Home Holiday Bova Marina


Capital of the Greek Calabria and one of the most beautiful villages in Italy, Bova preserves an ancient history. The origins of Bova are linked to a legendary Greek queen, Oichista, who imprinted the imprint of her foot on the highest point of the fortress overlooking the village.

The ancient origins of the city of Bova (Vua) are testified by the numerous archaeological finds found near the Norman Castle dating back to the Neolithic period, although the first historically documented evidence of the existence of Bova dates back to the first years of the second millennium, when 1040 and 1064 the Normans imposed themselves on Arabs and Byzantines in the domination of Sicily and Calabria.


In Greek it is called Boos and in the Vua dialect. It could be a Latinized form of the Greek word boua (flock) from bous (ox). According to some, the name derives from the medieval Greek boua, grain ditch.


Inhabited uninterruptedly by the Neolithic, the fortress of Bova was probably a Greek great fortress located on the border of the poleis of Reggio and Locri.

Thanks to its strategic position, the site was very likely chosen as a refuge by the inhabitants of the coast, after the end of the 6th century. A.D. barbarian hordes, probably Lombards, burned the Roman statio of Scyle, identified in contrada San Pasquale in the municipality of Bova Marina. Like most of the historical centers of Southern Calabria, the fortress of Bova was fortified during the Saracen incursions to become a diocesan seat, perhaps, already around the tenth century.

Conquered by the Normans, it was subdued to William at the time when the bishop’s seat was ruled by Luke (1095-1140), who became saint after being the mediator between the Latin church and the Greek faithful of the whole southern Reggio. In 1162 the diocese was given in fief to the archbishop of Reggio to remain there until 1806.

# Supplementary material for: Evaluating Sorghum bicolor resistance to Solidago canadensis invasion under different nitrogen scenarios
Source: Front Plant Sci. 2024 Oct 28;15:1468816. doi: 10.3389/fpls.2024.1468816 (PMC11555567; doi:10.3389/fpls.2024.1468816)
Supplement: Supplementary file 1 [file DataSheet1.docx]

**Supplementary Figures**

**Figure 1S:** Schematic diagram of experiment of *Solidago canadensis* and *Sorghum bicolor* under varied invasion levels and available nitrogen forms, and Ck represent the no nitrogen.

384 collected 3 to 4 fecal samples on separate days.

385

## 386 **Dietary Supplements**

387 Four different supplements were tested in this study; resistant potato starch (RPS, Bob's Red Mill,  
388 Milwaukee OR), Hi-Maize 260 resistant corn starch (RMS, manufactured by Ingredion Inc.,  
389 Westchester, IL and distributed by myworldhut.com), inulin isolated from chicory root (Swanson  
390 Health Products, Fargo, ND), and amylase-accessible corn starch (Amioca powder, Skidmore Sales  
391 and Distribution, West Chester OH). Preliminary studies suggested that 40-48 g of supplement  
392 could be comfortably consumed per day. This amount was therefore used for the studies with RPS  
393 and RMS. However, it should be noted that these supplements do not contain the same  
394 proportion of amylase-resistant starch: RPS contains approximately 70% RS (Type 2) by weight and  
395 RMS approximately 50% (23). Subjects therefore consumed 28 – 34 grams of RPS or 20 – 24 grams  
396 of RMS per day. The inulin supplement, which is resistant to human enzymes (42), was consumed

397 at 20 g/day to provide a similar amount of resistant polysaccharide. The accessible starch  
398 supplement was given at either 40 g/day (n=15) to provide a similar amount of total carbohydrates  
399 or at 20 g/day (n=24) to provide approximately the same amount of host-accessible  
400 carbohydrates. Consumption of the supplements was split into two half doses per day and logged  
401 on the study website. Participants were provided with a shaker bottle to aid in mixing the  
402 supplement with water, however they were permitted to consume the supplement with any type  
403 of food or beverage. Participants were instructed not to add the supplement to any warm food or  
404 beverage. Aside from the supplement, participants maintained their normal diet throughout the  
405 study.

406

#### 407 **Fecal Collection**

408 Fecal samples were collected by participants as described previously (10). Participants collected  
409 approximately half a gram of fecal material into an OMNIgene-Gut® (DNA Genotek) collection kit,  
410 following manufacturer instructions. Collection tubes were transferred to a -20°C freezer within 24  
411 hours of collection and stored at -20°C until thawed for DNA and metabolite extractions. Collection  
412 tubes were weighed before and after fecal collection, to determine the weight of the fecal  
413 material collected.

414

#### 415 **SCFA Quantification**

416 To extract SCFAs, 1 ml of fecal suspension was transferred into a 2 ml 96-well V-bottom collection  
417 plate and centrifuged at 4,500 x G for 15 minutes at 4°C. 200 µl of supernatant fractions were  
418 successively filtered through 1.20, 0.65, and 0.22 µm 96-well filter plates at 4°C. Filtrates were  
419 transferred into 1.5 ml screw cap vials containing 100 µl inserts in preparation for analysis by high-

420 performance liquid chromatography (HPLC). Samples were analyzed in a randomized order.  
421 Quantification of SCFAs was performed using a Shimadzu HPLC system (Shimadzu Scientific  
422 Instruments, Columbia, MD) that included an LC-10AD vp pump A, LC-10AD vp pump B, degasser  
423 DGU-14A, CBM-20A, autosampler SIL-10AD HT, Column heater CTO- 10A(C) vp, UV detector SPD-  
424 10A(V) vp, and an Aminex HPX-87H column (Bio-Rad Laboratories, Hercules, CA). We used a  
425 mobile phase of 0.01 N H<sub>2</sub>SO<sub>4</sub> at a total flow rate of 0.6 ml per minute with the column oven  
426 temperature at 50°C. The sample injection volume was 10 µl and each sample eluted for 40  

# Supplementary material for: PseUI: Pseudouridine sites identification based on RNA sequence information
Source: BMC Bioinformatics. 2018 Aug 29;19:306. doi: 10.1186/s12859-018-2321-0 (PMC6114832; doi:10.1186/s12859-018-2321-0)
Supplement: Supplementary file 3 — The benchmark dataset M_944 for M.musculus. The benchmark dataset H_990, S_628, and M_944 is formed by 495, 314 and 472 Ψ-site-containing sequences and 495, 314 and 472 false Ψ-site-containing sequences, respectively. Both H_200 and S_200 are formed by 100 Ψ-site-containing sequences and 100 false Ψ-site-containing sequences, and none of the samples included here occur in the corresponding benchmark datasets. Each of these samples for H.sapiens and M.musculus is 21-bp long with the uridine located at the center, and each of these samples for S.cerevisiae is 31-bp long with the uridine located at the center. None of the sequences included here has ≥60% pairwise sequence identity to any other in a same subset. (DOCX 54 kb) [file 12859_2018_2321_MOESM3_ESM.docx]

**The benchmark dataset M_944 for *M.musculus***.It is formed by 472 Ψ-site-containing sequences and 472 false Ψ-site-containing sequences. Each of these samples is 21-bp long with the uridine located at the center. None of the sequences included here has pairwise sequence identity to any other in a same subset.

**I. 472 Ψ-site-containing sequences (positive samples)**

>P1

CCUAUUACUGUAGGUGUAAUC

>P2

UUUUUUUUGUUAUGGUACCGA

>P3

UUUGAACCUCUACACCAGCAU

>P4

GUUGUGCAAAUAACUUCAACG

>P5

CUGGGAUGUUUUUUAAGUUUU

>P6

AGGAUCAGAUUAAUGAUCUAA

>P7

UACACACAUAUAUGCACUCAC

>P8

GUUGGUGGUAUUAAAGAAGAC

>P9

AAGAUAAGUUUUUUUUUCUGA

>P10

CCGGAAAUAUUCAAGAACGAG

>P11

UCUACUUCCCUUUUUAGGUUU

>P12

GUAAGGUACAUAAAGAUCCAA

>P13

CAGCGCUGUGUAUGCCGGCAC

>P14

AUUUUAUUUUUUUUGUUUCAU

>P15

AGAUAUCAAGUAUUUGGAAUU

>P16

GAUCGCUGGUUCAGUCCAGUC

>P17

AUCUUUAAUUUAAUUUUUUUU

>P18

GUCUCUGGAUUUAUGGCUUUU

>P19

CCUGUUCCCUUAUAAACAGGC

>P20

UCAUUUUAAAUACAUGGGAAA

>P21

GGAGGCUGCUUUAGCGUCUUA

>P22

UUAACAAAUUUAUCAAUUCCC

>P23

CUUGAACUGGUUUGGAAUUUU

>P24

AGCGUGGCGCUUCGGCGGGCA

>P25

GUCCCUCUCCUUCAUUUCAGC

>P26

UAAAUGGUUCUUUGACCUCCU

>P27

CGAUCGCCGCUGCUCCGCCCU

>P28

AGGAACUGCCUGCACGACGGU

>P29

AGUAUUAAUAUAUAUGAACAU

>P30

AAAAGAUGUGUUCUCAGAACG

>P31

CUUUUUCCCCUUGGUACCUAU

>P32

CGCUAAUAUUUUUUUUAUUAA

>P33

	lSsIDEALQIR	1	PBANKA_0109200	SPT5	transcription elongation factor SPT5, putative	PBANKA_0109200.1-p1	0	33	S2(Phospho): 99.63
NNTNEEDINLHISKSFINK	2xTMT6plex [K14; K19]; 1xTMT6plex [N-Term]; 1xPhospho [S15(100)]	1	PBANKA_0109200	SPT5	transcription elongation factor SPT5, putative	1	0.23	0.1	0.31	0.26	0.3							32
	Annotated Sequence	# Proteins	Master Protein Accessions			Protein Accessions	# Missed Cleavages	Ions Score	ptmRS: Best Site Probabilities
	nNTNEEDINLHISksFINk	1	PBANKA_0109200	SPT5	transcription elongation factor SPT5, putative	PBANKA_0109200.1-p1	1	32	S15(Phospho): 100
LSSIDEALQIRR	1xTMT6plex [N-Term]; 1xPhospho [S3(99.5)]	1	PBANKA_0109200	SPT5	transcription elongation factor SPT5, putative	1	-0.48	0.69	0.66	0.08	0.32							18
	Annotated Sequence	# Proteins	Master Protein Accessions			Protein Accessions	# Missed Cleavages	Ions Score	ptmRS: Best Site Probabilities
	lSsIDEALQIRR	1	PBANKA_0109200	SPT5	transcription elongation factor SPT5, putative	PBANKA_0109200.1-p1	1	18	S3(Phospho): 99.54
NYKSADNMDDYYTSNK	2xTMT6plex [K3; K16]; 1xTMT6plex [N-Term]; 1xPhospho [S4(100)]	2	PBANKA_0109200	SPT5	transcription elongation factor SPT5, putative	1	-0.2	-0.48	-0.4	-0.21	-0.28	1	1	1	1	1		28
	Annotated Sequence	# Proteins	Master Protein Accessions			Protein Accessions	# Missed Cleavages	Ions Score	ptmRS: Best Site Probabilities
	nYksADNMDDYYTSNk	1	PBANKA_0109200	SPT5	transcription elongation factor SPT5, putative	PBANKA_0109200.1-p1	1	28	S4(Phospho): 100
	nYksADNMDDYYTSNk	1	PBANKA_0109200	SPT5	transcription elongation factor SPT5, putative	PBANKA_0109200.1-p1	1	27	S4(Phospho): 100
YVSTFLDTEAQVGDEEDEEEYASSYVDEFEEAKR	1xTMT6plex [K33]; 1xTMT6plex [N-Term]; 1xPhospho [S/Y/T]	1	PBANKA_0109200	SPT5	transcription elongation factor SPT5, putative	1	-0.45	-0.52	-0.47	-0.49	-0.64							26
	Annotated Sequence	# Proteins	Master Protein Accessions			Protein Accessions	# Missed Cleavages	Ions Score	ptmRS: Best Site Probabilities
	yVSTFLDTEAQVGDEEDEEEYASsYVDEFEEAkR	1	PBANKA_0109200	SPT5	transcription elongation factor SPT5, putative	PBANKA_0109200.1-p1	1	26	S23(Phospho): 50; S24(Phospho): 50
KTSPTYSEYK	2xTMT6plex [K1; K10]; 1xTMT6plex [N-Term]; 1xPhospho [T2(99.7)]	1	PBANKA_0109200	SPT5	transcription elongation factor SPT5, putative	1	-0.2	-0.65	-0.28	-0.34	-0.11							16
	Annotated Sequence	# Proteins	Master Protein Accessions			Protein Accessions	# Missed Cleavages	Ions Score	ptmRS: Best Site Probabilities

Until 1572, the diocesan seat of Bova kept alive the Greek-Byzantine liturgical rite, abolished following the Tridentine norms, by the Armenian bishop Giulio Stavriano. Bova was therefore one of the last Italian dioceses to be Latinized by the Catholic Church, whose power was consolidated only during the seventeenth century, a period which dates back to the great majority of architectural heritage preserved in the Greek town. Bova, in fact, keeps intact its medieval urban layout refined by late Baroque buildings and monumental eighteenth century buildings.

Of particular importance are the façades of the San Leo church, dated 1606, that of San Rocco and the Holy Spirit, respectively of 1622 and 1631. Worthy of note are the portal of the side aisle of the Isaiah’s concathedral, of the end of the Seventeenth century as well as the delicate facades of the church of Carmine and the Immaculate, dating back to the following century.

In most of the buildings of worship it is possible to admire valuable late sixteenth century sculptures, such as the Madonna dell’Isodia, autograph of Rinaldo Bonanno (1584), the Madonna with Child (1590), today in the church of San Caterina, attributed to the school del Bonanno, and the sculpture of San Leo (1582), in the homonymous shrine, whose paternity is still uncertain.


The Chòra is placed at 820 meters s.l.m.

The arrival at Bova leaves everyone stunned. In the open space in front of the main square, stands out as a symbol of emigration, a locomotive 740 Ansaldo Breda, from 1911, the most representative steamer of the Ferrovie dello Stato. Not far away, the gaze falls on the imposing Palazzo dei Nesci Sant’Agata, with its crenellated arch, built in 1822. On the main square stands the Town Hall, built in the early twentieth century on the foundations of Palazzo Marzano, of which only ‘adjacent family chapel, dedicated to the Immaculate, currently used as a tourist office. Behind it stands the sanctuary of San Leo, patron saint of the village: San Leo, an Italian Greek monk, who lived in the XII century near Africo Vecchio. His relics are kept in silver urn, commissioned in Naples in 1855, by Antonino Marzano.